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scaled commercially—so folks scattered across the country can use it, not just a few people at a major academic center?
Wilson cautioned it’s taken three decades of work on engineering cell therapies—the first CAR was made in 1989—and the viral vectors used to deliver them, just to get to the point that even a few people have seen dramatic results. Patience, and more tinkering, is required. “The advantage right now is that in many ways we have all of those pieces in place,” he said. But “as we go into solid tumors, additional kinds of engineering [and] modifications are going to be useful in seeing the potential for these kinds of therapies…and new technologies like gene editing may have the potential to enable some of those modifications.”
4. Boston biotech’s biggest challenge? Scale. Noubar Afeyan remembers making the trek out to San Francisco “with envy,” seeing how the Bay Area first dominated the computer industry and then became a biotech powerhouse. But Boston (“and by Boston I really mean Cambridge,” he joked), has surged to become arguably a bigger biotech power, something Afeyan said was due to a sea change in attitude—more courage to pursue ideas even if they might not work.
The biggest worry in maintaining this momentum? Scale. Rent prices have surged to $90-$100 per square foot, there’s no affordable lab space “within a functioning T distance” (Boston’s train system). That’s an issue the area is going to have to confront if the good times are to continue. “I don’t think Boston will remain the Silicon Valley of biotech if it doesn’t continue to scale,” Afeyan said. “We need to think ahead about what maintains this, what makes this sustainable.”
5. Gene therapy’s limitations, and its “left field” enemy. Despite gene therapy’s re-emergence, and all the technological advances that have been made (particularly in how these therapies are delivered), Olivier Danos and Steve Paul warned of its limitations; Paul called gene therapy a “resurgent old field” that is still “in its early days.” It’s very limited; gene therapy can’t tackle difficult diseases—diabetes, for instance—and a number of advances will have to be made before it can. Those delivery systems, or vectors, are much better than they used to be, but are still evolving—“we’ll be talking about very different vectors 5 or 6 years from now,” Paul said.
But what if, by the time those vectors are ready, gene therapy doesn’t have the same audience? Kolchinsky theorized, for instance, that if carrier testing—genetic tests for prospective parents—becomes commonplace, perhaps the number of people born with monogenic disorders (the supposedly easier targets for gene therapy) will shrink. And perhaps that will force gene therapy companies to evolve, and try to crack harder, polygenic targets.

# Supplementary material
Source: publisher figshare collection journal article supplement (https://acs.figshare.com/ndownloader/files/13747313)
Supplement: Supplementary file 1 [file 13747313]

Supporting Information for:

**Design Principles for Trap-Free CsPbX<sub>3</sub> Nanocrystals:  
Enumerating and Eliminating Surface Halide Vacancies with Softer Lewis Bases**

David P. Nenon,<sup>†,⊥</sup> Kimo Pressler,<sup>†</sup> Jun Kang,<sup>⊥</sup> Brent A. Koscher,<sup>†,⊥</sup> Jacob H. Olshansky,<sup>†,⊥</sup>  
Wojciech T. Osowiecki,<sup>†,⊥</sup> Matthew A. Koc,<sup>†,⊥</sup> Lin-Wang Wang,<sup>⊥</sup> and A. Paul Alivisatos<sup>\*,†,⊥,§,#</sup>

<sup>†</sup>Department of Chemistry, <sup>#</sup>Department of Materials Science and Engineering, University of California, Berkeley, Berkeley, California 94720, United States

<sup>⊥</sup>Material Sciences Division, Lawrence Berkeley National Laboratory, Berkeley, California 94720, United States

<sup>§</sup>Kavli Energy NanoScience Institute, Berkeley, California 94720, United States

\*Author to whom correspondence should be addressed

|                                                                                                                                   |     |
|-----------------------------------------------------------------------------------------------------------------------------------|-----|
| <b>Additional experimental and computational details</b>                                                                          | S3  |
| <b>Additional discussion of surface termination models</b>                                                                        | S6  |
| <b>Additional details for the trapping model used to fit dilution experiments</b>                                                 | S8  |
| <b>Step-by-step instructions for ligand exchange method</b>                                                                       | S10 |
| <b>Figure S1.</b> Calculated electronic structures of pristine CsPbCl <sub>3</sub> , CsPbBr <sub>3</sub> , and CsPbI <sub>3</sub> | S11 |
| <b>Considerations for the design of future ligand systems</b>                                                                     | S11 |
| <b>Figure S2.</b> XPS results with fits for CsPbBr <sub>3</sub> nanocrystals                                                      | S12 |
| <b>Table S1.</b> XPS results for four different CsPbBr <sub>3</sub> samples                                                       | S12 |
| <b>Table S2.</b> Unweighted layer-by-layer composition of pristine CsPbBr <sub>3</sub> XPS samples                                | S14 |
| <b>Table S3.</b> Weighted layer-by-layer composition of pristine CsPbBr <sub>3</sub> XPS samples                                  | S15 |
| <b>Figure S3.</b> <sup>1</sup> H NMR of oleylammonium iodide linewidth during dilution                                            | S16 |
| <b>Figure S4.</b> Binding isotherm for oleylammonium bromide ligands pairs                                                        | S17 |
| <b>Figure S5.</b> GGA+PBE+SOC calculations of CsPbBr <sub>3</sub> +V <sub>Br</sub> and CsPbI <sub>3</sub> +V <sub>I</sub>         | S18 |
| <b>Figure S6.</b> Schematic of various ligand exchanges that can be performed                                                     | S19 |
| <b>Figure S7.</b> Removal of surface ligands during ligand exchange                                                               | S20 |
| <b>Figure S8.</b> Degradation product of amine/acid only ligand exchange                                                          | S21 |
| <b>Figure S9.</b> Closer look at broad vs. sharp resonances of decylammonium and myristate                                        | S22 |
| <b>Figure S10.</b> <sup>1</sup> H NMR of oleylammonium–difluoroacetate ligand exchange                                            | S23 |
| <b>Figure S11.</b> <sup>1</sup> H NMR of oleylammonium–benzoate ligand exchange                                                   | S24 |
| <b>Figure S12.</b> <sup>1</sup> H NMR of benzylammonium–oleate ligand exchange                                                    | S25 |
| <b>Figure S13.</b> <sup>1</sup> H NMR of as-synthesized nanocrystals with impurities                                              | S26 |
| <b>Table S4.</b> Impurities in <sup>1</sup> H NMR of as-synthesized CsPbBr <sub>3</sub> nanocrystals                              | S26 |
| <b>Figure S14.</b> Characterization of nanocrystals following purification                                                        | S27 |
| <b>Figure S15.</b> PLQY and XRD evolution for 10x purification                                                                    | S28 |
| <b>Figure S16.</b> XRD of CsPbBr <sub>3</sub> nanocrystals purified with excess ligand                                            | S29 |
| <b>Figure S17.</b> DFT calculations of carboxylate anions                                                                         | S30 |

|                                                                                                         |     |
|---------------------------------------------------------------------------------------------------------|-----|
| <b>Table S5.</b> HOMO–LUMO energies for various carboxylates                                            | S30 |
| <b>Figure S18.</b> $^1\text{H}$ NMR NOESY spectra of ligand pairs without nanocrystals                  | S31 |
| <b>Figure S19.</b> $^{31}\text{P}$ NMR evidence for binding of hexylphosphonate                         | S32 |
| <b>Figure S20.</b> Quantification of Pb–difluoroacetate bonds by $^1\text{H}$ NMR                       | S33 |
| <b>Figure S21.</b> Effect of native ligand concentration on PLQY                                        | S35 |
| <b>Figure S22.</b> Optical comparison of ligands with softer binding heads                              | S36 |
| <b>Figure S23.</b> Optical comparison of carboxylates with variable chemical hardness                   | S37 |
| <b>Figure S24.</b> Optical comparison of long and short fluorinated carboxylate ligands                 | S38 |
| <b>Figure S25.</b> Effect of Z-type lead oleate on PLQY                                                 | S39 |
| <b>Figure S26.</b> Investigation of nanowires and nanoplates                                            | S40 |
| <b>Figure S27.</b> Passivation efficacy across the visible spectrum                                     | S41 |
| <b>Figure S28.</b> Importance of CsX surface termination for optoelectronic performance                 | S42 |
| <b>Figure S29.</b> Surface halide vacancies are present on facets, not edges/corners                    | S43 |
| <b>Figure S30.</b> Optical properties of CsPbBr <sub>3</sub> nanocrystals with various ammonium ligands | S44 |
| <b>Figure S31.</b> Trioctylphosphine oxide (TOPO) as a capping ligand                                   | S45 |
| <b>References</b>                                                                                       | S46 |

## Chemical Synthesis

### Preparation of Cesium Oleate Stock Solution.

6. Deals are really about relationships. In a way, Vedanta Biosciences and Johnson & Johnson gravitated towards one another. The startup is developing microbiome therapies for immunology, and that’s right in J&J’s wheelhouse. But the deal the two cut in January was a result of personal relationships, not just strategic alignment. For one, Vedanta’s founders at PureTech began talking to J&J before the company was even incorporated. That familiarity came in handy when J&J opened up its Boston Innovation Center in 2013. While the center was being built, its Boston team “needed a place to crash,” said PureTech partner and Vedanta chief operating officer Bernat Olle, “so they took some offices at PureTech—and the relationship became hyperlocal.”
That gave J&J an important inside track. As Vedanta moved forward, it was approached by other VC groups aiming to form a syndicate, and then pharmaceutical companies looking to make a deal. Vedanta chose a licensing deal with J&J—in part because it knew the people involved, and what they wanted to do with its lead drug. “When you’re sharing your baby, all these considerations come to mind, but knowing what was in the mind of the people that were going to drive the project forward was valuable,” Olle said.
7. Give “Precision Medicine” (a lot of) time; it just might change drug R&D. President Obama’s Precision Medicine Initiative sounds great in theory; through evolving science, genomic understanding, and data collection, someday we’ll all get the drugs that specifically target the genetic problems that cause our diseases, and that starts with matching specific genetic defects with disease with the help of a massive database. But as David Altshuler said, that’s only step one, which, “while foundational and vastly important,” leads to understanding, not medicines. Step two is discovering a therapeutic, which takes another three to five years; step three, developing and testing it, takes another 10 years and hundreds of millions of dollars.
All of which is why Altshuler bristles at the idea that genomics hasn’t delivered the goods because R&D productivity rates for drugmakers remains low.
“We’re just now entering the era where we understand disease well enough,” he said. “We’ll learn over the next 10 or 20 years what the true success rates can be when you have a human biologically-focused, genetically enabled therapeutic strategy.”